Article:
One story that isn’t often told in the social studies curriculum is that history is replete with powerful women. Other than a passing reference to Joan of Arc and the intellectual wisdom of Elizabeth I during wartime, history tends to ignore its powerful women. Recent archeological digs have revealed that the mythological Amazons may have been calvaries of pant-wearing, spear-throwing Scythian warriors, and they were not alone. From Boudicca the Celtic royal who led a rebellion against the mighty Roman Empire in Britain to Zenobia who rebelled against the Romans on the other side of their domain, women were strong leaders. Nakano Takeko, Fu Hao, and the iconic Mulan led armies in the Far East while, in the New World, Aztec women were considered warriors for giving birth, and took up bows and arrows to fight in times of need.
Sinews of History seeks to tell the stories of some of these women and to peer into social and alternative historical situations where strong, muscular women made smaller waves in history. These women, some mythical and others real, may not have had their stories told before and their incredibly muscular physiques and unreal strength accomplishments demand recognition. Whether it be a 1950s housewife, a secret agent, or an embattled warrior, these women had muscular physiques and weren’t afraid to use their power.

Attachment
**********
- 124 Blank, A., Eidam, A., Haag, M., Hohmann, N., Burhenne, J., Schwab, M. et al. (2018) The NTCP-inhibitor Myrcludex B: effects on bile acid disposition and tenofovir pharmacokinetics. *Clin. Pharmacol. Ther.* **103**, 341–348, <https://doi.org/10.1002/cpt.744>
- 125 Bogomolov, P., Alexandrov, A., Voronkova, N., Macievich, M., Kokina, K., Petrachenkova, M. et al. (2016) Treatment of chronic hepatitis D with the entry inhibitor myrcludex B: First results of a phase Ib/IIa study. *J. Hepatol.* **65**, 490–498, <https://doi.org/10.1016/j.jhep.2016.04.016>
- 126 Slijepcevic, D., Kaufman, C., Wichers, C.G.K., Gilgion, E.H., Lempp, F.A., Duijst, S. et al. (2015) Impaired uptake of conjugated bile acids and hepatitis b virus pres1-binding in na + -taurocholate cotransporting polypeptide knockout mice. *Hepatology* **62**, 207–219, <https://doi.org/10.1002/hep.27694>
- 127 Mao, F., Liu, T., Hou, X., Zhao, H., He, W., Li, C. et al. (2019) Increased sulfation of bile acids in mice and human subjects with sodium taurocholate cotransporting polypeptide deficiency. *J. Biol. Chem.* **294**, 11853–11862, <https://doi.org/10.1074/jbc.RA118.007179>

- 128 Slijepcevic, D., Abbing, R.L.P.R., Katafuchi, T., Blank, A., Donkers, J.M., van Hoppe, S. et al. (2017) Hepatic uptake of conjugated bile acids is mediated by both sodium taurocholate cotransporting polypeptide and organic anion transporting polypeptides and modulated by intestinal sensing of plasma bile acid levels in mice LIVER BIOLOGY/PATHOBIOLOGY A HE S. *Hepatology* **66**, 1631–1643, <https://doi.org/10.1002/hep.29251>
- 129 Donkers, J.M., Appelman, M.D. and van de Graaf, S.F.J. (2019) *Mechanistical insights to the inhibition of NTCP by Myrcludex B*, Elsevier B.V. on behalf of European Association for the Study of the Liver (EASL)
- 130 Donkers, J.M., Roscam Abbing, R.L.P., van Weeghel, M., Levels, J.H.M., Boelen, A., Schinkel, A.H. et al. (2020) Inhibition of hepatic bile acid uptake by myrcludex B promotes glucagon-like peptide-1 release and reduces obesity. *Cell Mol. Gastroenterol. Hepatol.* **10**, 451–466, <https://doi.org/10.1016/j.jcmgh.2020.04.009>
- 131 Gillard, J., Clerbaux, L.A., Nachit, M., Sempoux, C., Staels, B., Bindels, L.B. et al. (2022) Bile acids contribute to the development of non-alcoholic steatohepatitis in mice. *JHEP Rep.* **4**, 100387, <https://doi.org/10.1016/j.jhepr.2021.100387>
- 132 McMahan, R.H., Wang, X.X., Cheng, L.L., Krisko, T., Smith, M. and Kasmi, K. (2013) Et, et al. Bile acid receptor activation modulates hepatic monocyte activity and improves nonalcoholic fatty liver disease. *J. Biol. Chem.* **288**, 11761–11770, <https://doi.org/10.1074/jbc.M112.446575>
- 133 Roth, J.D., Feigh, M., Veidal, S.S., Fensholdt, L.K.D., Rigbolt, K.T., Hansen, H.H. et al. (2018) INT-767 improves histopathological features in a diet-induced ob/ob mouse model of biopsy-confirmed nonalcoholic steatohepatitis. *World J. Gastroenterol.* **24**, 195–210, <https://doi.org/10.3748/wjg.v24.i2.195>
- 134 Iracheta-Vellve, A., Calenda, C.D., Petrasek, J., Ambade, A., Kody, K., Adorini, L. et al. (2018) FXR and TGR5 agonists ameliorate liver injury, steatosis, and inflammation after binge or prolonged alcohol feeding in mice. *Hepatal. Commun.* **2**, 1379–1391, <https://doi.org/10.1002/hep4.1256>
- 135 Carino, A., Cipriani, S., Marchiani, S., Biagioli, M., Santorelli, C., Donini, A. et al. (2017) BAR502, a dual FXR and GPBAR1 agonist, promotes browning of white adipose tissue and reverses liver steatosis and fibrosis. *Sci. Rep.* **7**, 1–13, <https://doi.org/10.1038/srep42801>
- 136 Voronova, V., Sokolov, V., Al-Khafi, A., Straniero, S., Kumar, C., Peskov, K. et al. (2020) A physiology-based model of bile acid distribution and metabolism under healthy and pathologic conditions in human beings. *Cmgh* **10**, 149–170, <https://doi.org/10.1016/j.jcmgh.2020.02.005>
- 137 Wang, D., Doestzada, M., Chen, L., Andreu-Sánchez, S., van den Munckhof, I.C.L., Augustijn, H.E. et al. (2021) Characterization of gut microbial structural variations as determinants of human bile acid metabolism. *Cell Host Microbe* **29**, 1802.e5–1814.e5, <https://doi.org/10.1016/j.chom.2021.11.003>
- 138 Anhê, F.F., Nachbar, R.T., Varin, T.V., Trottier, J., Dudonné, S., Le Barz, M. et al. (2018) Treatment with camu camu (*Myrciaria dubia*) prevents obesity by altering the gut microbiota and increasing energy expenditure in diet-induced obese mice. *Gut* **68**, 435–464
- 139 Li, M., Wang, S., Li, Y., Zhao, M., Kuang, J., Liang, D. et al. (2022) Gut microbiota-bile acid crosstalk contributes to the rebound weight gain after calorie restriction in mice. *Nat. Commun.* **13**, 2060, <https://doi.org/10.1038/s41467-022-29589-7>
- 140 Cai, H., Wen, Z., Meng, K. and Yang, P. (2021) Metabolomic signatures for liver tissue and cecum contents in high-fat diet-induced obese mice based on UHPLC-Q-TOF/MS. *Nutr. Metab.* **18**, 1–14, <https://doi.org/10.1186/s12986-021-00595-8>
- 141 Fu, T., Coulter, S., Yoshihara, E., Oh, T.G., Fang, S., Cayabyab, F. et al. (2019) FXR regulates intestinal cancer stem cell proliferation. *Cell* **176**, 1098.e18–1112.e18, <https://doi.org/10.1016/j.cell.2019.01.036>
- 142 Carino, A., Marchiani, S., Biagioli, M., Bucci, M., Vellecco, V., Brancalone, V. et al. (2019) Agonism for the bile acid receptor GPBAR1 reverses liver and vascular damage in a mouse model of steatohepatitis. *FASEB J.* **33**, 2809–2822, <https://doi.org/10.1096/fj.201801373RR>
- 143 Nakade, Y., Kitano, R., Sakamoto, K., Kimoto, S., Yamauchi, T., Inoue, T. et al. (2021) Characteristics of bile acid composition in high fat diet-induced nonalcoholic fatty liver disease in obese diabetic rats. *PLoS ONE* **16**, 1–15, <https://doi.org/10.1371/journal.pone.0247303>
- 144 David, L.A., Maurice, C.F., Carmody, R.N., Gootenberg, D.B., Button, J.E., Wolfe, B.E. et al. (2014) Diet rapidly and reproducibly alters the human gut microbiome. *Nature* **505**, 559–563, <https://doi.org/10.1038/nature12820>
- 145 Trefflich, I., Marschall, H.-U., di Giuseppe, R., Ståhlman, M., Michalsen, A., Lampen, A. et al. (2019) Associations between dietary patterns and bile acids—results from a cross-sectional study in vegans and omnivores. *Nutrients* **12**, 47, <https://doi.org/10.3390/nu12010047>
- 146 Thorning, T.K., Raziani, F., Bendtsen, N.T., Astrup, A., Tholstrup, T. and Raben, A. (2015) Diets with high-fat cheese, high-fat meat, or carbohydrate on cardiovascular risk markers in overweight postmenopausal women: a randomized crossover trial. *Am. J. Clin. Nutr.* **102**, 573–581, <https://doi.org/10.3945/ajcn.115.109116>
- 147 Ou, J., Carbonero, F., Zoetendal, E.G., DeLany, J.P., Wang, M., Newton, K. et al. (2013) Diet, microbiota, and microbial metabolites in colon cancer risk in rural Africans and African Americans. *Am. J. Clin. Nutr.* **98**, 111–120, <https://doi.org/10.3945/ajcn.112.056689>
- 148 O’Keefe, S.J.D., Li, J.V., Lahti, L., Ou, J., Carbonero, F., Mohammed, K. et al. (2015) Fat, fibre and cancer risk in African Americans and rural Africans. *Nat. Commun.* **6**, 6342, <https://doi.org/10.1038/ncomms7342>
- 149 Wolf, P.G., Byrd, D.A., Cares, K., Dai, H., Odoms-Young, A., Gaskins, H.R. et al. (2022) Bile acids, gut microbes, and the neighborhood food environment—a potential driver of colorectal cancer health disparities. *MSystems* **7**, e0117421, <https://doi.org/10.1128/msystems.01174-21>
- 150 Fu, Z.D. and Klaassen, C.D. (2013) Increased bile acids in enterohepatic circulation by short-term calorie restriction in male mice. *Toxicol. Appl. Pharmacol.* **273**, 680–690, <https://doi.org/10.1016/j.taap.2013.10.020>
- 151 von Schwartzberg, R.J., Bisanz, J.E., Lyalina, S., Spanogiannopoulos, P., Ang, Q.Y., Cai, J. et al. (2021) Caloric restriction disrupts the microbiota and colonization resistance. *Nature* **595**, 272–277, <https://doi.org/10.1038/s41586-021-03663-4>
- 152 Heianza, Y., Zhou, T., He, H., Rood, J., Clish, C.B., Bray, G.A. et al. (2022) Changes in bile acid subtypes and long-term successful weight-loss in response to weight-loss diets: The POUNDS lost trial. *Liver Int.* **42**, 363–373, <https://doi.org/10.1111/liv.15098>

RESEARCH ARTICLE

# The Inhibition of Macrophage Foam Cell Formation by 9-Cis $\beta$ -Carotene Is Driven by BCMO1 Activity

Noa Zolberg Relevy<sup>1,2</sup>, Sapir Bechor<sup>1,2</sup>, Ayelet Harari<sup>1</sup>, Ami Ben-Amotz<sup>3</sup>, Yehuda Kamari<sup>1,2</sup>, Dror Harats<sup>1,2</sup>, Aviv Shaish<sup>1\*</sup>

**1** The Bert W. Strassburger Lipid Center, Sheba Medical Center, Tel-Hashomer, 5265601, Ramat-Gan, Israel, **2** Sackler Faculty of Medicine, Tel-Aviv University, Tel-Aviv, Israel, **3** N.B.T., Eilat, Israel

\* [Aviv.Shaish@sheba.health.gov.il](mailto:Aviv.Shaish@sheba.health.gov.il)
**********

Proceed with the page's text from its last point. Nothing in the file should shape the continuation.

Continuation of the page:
The stories contained within explore both real women and those who might have been. Their physical strength, power, and skill in combat describe a history largely forgotten or ignored by historians, but not by the authors within who celebrate the physical accomplishments and powerful appearance of the "fairer sex."